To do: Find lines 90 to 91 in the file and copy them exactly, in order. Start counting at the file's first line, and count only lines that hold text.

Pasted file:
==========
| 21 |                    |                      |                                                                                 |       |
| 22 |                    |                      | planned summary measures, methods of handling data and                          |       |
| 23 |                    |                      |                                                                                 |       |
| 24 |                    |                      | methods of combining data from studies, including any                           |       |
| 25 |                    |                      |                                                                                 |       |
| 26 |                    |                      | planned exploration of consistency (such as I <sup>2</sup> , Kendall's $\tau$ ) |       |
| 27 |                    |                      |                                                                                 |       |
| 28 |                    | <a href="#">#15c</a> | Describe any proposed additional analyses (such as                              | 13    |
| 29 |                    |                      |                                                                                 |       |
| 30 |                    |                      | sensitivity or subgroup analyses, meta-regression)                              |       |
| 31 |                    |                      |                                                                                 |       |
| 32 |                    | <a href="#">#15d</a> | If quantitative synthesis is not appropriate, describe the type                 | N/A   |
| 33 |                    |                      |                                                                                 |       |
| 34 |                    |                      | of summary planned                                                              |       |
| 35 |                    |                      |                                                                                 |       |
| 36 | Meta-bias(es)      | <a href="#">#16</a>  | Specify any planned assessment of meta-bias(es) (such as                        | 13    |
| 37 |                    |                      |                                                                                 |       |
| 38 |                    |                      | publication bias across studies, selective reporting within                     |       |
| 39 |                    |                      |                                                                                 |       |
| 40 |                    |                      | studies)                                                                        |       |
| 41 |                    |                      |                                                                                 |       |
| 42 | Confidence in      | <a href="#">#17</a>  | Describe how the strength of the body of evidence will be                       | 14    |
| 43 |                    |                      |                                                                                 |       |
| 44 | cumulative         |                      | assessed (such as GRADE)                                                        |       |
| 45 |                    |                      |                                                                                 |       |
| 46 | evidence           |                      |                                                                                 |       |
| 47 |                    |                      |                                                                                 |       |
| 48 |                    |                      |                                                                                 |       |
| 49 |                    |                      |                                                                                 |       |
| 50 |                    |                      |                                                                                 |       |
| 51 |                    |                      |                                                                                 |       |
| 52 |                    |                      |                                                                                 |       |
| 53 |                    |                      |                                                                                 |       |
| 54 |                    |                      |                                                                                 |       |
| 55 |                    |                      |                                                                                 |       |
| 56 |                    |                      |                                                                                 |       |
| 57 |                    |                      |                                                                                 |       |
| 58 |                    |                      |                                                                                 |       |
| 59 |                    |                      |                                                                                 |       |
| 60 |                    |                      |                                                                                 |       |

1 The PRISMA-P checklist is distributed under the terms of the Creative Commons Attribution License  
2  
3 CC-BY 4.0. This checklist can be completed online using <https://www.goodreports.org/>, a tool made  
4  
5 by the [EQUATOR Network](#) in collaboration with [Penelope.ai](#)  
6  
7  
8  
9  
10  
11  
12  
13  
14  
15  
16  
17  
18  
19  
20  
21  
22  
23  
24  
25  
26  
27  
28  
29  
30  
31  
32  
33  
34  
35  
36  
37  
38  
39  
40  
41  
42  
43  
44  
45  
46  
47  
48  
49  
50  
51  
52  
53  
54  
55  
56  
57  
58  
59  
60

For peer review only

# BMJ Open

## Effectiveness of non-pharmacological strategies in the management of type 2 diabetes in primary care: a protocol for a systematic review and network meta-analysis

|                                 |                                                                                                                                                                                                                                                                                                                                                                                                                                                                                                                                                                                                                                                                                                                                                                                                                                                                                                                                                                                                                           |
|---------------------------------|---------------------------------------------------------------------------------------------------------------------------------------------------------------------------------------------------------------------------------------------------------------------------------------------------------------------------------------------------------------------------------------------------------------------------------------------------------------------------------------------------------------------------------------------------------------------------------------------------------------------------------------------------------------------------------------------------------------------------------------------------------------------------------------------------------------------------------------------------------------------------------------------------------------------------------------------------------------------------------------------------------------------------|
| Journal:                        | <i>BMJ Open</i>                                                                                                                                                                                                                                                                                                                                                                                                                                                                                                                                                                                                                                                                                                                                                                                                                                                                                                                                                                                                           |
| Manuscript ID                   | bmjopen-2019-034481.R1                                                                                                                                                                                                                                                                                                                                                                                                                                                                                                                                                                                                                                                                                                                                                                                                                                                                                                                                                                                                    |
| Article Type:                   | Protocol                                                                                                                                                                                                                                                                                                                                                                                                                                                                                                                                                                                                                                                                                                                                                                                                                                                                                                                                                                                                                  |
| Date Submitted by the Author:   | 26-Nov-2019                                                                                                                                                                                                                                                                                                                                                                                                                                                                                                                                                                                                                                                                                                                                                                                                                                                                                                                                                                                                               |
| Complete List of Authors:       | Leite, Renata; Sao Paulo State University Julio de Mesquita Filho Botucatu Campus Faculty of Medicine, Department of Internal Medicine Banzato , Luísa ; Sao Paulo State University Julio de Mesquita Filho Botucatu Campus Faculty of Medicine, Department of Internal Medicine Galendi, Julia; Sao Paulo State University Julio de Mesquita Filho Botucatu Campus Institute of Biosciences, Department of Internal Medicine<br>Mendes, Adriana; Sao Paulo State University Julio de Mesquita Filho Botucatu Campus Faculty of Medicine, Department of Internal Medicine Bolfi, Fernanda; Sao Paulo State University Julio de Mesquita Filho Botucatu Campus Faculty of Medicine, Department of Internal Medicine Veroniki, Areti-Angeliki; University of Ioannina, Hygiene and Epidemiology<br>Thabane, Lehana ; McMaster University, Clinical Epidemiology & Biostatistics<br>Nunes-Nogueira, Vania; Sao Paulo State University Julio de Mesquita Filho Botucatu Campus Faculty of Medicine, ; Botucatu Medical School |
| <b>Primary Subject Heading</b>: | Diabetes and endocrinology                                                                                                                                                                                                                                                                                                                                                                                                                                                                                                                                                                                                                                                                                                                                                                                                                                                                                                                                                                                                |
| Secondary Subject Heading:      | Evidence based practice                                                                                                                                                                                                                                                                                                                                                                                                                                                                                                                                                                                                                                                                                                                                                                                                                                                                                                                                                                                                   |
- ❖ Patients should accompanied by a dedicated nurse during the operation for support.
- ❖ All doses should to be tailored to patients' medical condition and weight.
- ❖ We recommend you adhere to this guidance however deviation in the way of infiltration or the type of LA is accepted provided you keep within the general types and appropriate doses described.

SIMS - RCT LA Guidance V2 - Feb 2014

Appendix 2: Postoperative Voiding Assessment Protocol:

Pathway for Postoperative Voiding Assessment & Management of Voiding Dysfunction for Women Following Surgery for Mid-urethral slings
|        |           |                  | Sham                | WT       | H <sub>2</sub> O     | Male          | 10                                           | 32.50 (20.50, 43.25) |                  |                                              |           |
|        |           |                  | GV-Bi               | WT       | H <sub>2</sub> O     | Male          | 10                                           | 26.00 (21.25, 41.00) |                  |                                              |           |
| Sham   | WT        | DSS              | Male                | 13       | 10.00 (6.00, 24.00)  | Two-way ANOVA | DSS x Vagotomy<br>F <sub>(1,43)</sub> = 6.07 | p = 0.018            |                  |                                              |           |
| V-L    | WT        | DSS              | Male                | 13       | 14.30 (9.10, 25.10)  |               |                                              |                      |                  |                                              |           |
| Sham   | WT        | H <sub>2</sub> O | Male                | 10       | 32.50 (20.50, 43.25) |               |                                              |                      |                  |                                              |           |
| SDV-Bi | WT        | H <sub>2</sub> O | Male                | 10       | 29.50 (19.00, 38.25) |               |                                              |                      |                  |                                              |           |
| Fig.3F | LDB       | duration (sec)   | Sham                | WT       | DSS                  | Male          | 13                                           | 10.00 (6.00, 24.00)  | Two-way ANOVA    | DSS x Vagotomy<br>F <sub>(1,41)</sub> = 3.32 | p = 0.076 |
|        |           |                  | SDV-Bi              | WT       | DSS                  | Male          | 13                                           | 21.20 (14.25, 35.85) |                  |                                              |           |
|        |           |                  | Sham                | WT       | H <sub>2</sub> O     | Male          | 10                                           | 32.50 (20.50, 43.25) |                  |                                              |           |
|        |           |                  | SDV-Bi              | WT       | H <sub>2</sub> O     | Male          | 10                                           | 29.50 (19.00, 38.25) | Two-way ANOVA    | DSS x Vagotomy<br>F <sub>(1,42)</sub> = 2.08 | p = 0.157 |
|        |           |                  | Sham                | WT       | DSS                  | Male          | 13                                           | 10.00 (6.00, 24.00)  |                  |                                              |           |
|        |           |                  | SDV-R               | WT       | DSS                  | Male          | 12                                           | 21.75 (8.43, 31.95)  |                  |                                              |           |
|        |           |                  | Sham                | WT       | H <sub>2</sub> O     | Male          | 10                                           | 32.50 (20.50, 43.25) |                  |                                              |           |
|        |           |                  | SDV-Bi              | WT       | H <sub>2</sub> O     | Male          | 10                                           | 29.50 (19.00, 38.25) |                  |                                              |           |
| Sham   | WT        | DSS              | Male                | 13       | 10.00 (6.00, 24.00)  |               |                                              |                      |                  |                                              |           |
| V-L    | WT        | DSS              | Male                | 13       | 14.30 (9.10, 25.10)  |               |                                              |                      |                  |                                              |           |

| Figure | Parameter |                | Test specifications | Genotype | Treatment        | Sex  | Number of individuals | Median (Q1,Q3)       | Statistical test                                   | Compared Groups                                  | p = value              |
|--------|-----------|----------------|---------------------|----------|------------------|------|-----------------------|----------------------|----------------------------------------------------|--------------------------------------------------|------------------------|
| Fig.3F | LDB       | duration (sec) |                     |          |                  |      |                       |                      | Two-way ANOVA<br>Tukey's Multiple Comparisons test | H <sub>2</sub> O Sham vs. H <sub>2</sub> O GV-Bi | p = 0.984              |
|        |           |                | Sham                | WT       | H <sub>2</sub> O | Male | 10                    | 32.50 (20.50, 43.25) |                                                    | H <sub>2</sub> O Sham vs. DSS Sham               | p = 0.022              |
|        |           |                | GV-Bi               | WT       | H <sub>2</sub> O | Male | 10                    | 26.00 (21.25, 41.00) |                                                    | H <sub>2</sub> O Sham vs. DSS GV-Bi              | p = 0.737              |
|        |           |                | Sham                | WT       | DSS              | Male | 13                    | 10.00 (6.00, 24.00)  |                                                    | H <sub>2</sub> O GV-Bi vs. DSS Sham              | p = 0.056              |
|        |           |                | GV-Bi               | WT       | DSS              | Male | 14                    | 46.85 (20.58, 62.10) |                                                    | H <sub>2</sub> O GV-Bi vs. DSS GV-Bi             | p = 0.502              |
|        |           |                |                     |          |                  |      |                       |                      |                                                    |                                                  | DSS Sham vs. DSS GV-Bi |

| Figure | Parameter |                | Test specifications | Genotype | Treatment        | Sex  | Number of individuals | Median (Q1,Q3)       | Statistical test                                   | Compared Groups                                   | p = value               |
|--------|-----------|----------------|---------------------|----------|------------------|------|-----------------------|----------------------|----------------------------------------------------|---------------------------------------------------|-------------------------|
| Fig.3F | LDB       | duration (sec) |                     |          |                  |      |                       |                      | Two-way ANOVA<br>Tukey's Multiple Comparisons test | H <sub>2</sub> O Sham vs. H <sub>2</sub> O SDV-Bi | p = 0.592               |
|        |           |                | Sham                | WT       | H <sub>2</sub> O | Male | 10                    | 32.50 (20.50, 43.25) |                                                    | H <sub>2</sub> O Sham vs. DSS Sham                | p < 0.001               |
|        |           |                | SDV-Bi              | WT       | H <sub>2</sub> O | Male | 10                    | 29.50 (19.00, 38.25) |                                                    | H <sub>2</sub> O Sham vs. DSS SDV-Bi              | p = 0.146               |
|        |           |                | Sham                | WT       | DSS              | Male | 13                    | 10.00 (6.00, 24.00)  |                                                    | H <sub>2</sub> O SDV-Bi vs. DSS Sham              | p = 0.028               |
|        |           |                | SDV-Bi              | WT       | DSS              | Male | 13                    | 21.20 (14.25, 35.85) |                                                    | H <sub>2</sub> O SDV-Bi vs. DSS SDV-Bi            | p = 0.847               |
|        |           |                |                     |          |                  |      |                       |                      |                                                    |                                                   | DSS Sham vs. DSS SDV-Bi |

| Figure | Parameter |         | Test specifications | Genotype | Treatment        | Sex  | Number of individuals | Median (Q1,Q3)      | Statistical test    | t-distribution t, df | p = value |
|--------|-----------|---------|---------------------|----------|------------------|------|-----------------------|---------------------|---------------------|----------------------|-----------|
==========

50  
51  